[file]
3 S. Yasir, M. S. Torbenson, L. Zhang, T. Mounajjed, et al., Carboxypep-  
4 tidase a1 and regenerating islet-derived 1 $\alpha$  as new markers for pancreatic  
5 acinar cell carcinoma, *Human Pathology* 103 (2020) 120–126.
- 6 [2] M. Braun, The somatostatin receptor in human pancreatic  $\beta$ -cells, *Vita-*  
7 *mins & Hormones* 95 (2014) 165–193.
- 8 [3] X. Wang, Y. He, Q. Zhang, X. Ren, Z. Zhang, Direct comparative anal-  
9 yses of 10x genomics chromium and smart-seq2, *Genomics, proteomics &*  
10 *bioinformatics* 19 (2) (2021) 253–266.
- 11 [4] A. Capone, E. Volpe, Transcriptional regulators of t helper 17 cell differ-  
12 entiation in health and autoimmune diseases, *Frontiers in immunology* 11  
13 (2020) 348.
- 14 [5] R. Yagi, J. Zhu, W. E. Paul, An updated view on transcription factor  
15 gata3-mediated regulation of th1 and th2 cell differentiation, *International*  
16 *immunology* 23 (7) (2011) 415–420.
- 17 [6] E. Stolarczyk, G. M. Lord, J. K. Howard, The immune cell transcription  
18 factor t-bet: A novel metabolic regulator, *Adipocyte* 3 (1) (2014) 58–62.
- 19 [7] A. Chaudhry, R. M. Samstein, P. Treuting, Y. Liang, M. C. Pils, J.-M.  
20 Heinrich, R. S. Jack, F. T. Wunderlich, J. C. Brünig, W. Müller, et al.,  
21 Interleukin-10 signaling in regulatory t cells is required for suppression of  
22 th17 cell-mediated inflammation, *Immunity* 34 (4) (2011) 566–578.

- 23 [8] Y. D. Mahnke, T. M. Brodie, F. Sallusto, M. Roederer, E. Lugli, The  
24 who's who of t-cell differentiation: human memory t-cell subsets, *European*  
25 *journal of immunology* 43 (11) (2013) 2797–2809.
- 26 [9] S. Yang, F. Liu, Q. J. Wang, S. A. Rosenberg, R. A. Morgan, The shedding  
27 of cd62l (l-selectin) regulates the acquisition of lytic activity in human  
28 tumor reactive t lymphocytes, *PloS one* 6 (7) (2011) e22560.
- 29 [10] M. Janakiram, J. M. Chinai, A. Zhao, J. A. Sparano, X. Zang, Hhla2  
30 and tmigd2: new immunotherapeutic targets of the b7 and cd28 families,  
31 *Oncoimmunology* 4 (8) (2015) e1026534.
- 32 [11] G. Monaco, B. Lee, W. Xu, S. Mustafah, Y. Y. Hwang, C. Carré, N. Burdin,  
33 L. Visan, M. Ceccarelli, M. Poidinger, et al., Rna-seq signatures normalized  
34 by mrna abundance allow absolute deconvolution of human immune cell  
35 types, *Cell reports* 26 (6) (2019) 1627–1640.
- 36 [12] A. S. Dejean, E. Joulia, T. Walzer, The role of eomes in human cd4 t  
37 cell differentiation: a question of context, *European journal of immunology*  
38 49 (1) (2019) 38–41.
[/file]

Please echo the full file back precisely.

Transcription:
3 S. Yasir, M. S. Torbenson, L. Zhang, T. Mounajjed, et al., Carboxypep-  
4 tidase a1 and regenerating islet-derived 1 $\alpha$  as new markers for pancreatic  
5 acinar cell carcinoma, *Human Pathology* 103 (2020) 120–126.
- 6 [2] M. Braun, The somatostatin receptor in human pancreatic  $\beta$ -cells, *Vita-*  
7 *mins & Hormones* 95 (2014) 165–193.
- 8 [3] X. Wang, Y. He, Q. Zhang, X. Ren, Z. Zhang, Direct comparative anal-  
9 yses of 10x genomics chromium and smart-seq2, *Genomics, proteomics &*  
10 *bioinformatics* 19 (2) (2021) 253–266.
- 11 [4] A. Capone, E. Volpe, Transcriptional regulators of t helper 17 cell differ-  
12 entiation in health and autoimmune diseases, *Frontiers in immunology* 11  
13 (2020) 348.
- 14 [5] R. Yagi, J. Zhu, W. E. Paul, An updated view on transcription factor  
15 gata3-mediated regulation of th1 and th2 cell differentiation, *International*  
16 *immunology* 23 (7) (2011) 415–420.
- 17 [6] E. Stolarczyk, G. M. Lord, J. K. Howard, The immune cell transcription  
18 factor t-bet: A novel metabolic regulator, *Adipocyte* 3 (1) (2014) 58–62.
- 19 [7] A. Chaudhry, R. M. Samstein, P. Treuting, Y. Liang, M. C. Pils, J.-M.  
20 Heinrich, R. S. Jack, F. T. Wunderlich, J. C. Brünig, W. Müller, et al.,  
21 Interleukin-10 signaling in regulatory t cells is required for suppression of  
22 th17 cell-mediated inflammation, *Immunity* 34 (4) (2011) 566–578.

- 23 [8] Y. D. Mahnke, T. M. Brodie, F. Sallusto, M. Roederer, E. Lugli, The  
24 who's who of t-cell differentiation: human memory t-cell subsets, *European*  
25 *journal of immunology* 43 (11) (2013) 2797–2809.
- 26 [9] S. Yang, F. Liu, Q. J. Wang, S. A. Rosenberg, R. A. Morgan, The shedding  
27 of cd62l (l-selectin) regulates the acquisition of lytic activity in human  
28 tumor reactive t lymphocytes, *PloS one* 6 (7) (2011) e22560.
- 29 [10] M. Janakiram, J. M. Chinai, A. Zhao, J. A. Sparano, X. Zang, Hhla2  
30 and tmigd2: new immunotherapeutic targets of the b7 and cd28 families,  
31 *Oncoimmunology* 4 (8) (2015) e1026534.
- 32 [11] G. Monaco, B. Lee, W. Xu, S. Mustafah, Y. Y. Hwang, C. Carré, N. Burdin,  
33 L. Visan, M. Ceccarelli, M. Poidinger, et al., Rna-seq signatures normalized  
34 by mrna abundance allow absolute deconvolution of human immune cell  
35 types, *Cell reports* 26 (6) (2019) 1627–1640.
- 36 [12] A. S. Dejean, E. Joulia, T. Walzer, The role of eomes in human cd4 t  
37 cell differentiation: a question of context, *European journal of immunology*  
38 49 (1) (2019) 38–41.